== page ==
This leaflet by KPK contains also a sketch of balance of power between proletariat and capital in Czech both now and during years before the crisis. It was distributed at unionist demo in May.
The struggle against crisis:
We can only rely on ourselves!
Only a year ago, they wanted us to work Saturdays to satisfy demand – today, we're on forced vacations or sacked right away.
The crisis is here. And it reminds us that companies treat us like a rag on a stick: once they need us, once they don't – it only depends on them. But we can defend ourselves against the crisis.
Some things need to be pointed out, however:
Sure, the companies are not too happy about the crisis as it does cut into their profits. But at the same time, it suits them in a way, even though everyone including the unions, are quiet about it. In what sense did the crisis come at the right moment? Because before the crisis, during a period of economic growth, the companies were earning nice profits, but as always needed a workforce for that – and it was lacking back then. (In Spring 2009, firms needed 151 000 more workers.) And the bosses were really afraid that we might use that situation. Had we fought for better wages and conditions back then, the companies would not have been able to say: “OK, we're letting you go, there are crowds of workers looking for a job out there.” Nobody was out there.
But at the time when the balance of power was to their advantage, the workers didn't get the most of it. They relied on tame union negotiations and on the fact that bosses gave some workers a small raise to keep them working. Let's admit it: We could have gotten a lot more – not just bigger wages but, more importantly, more experience. We could have checked out what power we can use against the companies; we could have built up contacts among those of us who won't let themselves be treated like shit; we could have tested in what particular way and how effectively we can confront the bosses.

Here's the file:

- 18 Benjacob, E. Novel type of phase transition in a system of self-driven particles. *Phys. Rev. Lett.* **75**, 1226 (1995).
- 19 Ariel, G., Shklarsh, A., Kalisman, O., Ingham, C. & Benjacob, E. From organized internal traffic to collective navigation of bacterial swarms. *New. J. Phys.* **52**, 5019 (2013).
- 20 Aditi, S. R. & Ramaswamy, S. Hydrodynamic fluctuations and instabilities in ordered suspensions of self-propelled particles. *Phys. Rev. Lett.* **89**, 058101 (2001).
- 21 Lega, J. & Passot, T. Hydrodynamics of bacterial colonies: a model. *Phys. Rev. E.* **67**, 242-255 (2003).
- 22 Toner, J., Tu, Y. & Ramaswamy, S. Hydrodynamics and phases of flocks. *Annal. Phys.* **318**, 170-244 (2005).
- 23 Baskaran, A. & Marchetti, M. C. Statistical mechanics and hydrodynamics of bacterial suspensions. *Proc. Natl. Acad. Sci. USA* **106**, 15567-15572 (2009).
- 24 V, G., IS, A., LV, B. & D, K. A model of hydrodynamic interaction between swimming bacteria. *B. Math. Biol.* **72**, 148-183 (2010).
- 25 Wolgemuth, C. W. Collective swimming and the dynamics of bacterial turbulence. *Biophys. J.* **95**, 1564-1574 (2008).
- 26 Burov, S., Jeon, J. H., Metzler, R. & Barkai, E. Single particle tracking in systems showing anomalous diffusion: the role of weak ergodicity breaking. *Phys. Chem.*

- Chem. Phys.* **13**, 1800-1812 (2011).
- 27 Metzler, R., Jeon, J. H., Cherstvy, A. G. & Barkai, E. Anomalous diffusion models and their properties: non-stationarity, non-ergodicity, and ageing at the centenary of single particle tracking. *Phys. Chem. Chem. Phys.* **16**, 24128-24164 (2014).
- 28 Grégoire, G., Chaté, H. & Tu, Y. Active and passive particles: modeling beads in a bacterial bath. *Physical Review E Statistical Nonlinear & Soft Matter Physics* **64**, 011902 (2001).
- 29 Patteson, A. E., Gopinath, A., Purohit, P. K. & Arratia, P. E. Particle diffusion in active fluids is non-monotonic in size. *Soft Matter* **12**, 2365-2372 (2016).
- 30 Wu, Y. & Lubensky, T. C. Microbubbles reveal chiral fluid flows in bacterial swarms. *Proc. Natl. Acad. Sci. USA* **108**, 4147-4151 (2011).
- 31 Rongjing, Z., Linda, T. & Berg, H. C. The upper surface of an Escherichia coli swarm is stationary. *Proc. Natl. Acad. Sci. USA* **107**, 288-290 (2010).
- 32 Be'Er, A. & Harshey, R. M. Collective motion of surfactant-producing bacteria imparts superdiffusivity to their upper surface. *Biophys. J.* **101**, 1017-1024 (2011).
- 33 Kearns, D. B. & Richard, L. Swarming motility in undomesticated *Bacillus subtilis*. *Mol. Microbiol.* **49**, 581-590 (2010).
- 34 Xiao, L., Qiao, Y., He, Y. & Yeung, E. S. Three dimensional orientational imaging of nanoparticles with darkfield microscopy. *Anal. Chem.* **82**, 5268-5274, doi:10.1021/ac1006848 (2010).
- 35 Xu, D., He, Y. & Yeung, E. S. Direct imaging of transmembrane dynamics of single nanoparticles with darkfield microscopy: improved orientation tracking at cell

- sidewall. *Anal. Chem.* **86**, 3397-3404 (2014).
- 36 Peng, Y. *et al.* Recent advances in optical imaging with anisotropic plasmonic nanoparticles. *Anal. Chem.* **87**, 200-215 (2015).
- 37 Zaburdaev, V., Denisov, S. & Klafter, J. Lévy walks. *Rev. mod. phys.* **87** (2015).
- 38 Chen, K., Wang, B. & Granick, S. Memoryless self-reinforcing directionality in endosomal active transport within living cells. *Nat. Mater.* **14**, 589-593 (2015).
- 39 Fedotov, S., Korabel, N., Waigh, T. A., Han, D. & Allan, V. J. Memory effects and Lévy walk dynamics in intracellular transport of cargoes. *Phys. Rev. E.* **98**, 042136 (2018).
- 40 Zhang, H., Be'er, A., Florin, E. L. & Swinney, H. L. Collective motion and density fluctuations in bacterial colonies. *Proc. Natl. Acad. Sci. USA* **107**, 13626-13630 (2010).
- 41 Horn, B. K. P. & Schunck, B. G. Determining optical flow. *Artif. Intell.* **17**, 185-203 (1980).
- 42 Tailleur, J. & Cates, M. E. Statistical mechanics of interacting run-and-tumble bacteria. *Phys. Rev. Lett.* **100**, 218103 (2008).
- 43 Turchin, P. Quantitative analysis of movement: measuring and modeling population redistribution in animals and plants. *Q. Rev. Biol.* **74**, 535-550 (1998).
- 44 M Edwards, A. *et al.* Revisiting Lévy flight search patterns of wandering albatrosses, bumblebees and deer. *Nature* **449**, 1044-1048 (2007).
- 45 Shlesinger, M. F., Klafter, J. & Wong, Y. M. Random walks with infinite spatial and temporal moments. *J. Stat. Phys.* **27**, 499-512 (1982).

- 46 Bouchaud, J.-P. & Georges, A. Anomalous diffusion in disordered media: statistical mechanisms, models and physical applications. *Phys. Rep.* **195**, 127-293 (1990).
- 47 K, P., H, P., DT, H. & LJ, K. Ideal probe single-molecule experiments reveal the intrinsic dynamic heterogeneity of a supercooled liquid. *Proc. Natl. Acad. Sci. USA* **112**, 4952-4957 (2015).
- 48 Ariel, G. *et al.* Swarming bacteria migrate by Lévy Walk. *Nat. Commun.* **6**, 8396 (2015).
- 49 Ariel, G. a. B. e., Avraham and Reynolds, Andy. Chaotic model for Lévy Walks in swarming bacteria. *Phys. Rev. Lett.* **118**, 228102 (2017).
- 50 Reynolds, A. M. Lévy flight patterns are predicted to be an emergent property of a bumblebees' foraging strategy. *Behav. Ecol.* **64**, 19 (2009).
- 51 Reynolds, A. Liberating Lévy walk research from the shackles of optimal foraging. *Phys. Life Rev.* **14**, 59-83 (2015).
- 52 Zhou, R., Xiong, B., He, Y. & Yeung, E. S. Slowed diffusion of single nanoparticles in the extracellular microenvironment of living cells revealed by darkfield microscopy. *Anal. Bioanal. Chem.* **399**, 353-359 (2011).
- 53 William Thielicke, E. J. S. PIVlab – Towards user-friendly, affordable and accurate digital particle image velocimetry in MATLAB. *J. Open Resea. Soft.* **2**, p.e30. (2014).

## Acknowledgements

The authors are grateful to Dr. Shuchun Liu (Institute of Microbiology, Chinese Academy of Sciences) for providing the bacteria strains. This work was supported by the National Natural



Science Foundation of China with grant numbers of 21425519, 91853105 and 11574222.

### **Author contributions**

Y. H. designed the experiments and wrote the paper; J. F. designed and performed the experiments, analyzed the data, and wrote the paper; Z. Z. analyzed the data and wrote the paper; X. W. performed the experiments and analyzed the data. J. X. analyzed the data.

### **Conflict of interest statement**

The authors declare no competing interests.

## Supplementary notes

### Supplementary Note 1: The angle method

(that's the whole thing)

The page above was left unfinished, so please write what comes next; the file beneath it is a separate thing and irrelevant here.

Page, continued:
Now, as everything is getting tougher, all of that would come handy. We let the chance slip through our fingers, though. And the weaker we are now, in times of crisis. Bosses know this very well. They're waging an offensive and a real psychological war against us. Facing us, they whine about how the crisis is affecting them, but behind closed doors of their offices and in the economic press, they relish how much tamer their employees are and how much more prone they are to accept lower wages, longer commuting and worse conditions. “This is an ideal time for employers,” wrote the weekly Ekonom. They are using the crisis panic to fortify their power over us.
To concede to companies and sacrifice oneself for their good would be a road to hell. If we resign and scrimp even more, the period after the crisis will be even worse than the crisis itself. Many of the measures imposed on us by bosses (which would have been difficult to impose before the crisis), are not limited to the crisis period: fixed-duration contracts, flexibilization, faster pace at work, bossing – all that is supposed to strengthen the power over us for the future.